Speech by SEC Commissioner:
Remarks at the 2010 SEC Government-Business Forum on Small Business Capital Formation
Commissioner Troy A. Paredes
U.S. Securities and Exchange Commission
November 18, 2010
Thank you for the kind introduction. I am very pleased to welcome you — whether you are with us in Washington or participating by Webcast — to the "2010 SEC Government-Business Forum on Small Business Capital Formation." This Forum provides an important opportunity for the private sector and government to examine how best to promote small business. The stakes are considerable. For we all stand to gain from the new jobs, innovative ideas, and vigorous competition that enhance our standard of living when entrepreneurism flourishes and smaller enterprises thrive.
It is gratifying to see that, once again, we have been fortunate enough to bring together an impressive group of individuals to share their ideas, perspectives, and experiences on this topic, which is of such great significance to our economy. I want to thank all of those at the SEC — most notably, Gerald Laporte and Meredith Cross — for their efforts in organizing this event. I also want to thank our distinguished panelists for making time in their busy schedules to participate today.
Before this gathering gets underway, I would like to take a few moments to offer some personal thoughts — thoughts that I hope complement what you will hear from the panelists and that provide a further glimpse into why I think we need to place greater emphasis on encouraging small business. I should underscore that my personal views do not necessarily reflect those of the SEC or any of my colleagues on the Commission.
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Small business fuels economic growth, generating valuable opportunities for investors, entrepreneurs, employees, and consumers. Startups and maturing enterprises drive innovation, provide opportunities for investors to earn higher returns and accumulate wealth, and spur job creation. Companies that today are household names can trace their origins to entrepreneurs and innovators of earlier periods who had the wherewithal and backing to start and grow a business.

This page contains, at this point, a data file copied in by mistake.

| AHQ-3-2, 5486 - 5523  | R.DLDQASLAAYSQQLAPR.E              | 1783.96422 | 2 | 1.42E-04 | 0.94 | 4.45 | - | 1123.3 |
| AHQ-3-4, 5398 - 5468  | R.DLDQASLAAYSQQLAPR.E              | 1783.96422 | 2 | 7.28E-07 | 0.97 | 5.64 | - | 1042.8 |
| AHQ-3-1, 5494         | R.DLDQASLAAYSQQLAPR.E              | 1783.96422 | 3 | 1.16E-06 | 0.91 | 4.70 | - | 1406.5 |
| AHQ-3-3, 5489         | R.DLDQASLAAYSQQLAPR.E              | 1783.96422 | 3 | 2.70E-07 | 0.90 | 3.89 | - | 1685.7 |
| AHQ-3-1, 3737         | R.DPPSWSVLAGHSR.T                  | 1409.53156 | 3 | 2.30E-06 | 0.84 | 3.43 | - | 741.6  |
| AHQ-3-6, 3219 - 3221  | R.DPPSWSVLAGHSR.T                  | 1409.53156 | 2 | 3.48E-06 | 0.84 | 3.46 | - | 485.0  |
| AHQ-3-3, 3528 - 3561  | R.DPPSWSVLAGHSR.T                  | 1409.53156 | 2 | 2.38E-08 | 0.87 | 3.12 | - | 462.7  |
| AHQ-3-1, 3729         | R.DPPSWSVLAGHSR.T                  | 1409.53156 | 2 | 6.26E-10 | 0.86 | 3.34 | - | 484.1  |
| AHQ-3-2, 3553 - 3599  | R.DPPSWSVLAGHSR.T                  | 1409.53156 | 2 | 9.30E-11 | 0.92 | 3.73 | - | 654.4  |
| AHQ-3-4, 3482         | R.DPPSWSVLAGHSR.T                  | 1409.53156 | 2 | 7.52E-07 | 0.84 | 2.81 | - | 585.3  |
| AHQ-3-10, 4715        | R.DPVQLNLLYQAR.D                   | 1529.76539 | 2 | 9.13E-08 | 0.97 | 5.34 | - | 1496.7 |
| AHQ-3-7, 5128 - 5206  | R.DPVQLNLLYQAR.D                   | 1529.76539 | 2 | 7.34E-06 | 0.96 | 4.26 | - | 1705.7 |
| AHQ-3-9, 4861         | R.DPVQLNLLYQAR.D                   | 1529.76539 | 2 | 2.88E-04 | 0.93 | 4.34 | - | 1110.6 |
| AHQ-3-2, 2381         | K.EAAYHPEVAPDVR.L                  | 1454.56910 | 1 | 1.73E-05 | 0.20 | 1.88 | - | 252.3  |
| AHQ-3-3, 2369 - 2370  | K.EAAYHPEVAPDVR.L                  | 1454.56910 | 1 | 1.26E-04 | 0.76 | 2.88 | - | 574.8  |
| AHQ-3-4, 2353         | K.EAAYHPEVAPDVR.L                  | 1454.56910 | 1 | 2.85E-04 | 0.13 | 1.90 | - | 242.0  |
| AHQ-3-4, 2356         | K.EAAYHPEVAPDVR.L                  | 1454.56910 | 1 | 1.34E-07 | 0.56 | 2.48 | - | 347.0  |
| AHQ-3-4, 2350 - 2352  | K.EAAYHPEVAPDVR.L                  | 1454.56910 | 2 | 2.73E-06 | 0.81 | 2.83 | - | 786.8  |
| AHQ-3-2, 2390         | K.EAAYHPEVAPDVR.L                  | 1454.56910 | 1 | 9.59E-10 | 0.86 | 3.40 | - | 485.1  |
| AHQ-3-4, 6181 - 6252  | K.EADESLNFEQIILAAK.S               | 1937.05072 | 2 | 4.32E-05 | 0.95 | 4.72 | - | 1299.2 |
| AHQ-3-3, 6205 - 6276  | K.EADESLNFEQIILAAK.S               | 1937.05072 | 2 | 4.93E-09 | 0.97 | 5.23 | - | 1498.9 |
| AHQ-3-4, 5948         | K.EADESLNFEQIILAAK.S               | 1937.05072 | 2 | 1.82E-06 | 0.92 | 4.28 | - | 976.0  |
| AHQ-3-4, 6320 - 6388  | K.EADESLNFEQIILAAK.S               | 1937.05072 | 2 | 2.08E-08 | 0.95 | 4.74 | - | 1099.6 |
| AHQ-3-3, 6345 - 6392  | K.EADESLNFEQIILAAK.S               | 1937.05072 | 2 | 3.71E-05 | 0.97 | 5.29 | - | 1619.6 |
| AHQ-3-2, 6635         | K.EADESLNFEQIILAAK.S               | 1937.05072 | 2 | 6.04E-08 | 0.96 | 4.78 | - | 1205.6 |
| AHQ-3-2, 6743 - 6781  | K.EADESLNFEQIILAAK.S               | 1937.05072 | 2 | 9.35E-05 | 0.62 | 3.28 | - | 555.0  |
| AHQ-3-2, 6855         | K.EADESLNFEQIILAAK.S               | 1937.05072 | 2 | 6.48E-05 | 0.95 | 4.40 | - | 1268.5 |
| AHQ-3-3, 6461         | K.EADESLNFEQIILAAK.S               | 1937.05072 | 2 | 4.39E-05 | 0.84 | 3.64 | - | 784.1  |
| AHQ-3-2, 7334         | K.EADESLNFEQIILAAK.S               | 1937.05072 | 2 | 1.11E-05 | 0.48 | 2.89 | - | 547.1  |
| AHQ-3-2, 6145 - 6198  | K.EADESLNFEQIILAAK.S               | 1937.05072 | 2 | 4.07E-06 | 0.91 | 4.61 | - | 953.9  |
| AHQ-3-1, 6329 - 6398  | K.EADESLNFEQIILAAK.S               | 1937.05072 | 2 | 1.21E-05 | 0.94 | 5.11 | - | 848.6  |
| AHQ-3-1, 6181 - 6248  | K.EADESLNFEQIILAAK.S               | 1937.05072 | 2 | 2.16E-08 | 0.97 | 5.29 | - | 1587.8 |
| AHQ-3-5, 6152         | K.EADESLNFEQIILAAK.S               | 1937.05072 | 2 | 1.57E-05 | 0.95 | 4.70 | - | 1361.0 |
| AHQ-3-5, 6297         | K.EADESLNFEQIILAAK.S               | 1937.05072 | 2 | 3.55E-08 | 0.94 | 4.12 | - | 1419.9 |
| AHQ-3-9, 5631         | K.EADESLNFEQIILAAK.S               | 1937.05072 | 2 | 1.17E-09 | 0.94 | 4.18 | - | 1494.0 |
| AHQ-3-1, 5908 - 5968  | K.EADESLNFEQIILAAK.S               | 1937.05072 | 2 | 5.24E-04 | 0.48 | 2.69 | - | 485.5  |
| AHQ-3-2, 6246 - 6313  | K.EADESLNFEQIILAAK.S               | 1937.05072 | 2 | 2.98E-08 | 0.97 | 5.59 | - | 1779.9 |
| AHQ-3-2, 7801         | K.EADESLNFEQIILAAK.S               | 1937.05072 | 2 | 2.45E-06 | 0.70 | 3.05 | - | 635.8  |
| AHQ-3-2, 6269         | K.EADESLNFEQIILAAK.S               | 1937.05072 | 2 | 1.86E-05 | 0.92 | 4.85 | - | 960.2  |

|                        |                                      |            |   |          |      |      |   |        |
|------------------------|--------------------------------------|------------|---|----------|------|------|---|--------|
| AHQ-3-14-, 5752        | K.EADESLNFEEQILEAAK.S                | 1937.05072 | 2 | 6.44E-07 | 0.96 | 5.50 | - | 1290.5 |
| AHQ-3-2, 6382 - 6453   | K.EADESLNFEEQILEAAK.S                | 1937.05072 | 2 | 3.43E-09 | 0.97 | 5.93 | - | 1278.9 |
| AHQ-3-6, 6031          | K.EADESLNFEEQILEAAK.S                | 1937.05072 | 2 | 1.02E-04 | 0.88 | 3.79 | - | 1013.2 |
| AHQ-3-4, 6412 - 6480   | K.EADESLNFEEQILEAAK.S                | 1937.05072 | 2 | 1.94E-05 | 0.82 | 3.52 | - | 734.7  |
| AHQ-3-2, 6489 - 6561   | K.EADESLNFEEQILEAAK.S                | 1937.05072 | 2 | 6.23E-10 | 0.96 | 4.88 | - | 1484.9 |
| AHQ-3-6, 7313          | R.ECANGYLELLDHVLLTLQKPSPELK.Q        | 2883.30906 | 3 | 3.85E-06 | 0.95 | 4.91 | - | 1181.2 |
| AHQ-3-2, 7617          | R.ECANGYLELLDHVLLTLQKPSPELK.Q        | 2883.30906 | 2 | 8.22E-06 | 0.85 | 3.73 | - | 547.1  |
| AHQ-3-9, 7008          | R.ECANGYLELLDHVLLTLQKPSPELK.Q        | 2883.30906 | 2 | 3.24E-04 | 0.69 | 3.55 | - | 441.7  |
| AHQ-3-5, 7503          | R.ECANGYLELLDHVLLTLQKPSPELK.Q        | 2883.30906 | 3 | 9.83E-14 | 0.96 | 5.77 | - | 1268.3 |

In providing our economy with cutting-edge goods and services, new and smaller companies in turn pressure more established firms to run themselves more effectively. The market discipline of competition, in other words, holds larger incumbent enterprises accountable. Not only do we benefit from the range of innovative products, productivity gains, and new jobs that small businesses offer, but we benefit because larger firms must be even more responsive to the demands of stakeholders to remain competitive.
This is only part of the picture, however. Smaller companies also face distinct challenges and hurdles, some of which are rooted in regulatory requirements that can unduly burden small business. The out-of-pocket financial cost of complying with regulatory obligations can be difficult to bear. In addition, regulatory compliance requires a commitment of time and effort that otherwise could be dedicated to running the business; smaller enterprises may not have excess human resources to distract from day-to-day operations. Put simply, the disproportionate strain of regulation on small business can create a barrier to entry or expansion. It is important to keep this in mind during our rulemakings because more established firms might not resist regulatory demands that they can bear but that the larger firms' smaller competitors cannot similarly shoulder. Hearing from small business during the rulemaking process, therefore, can be very instructive.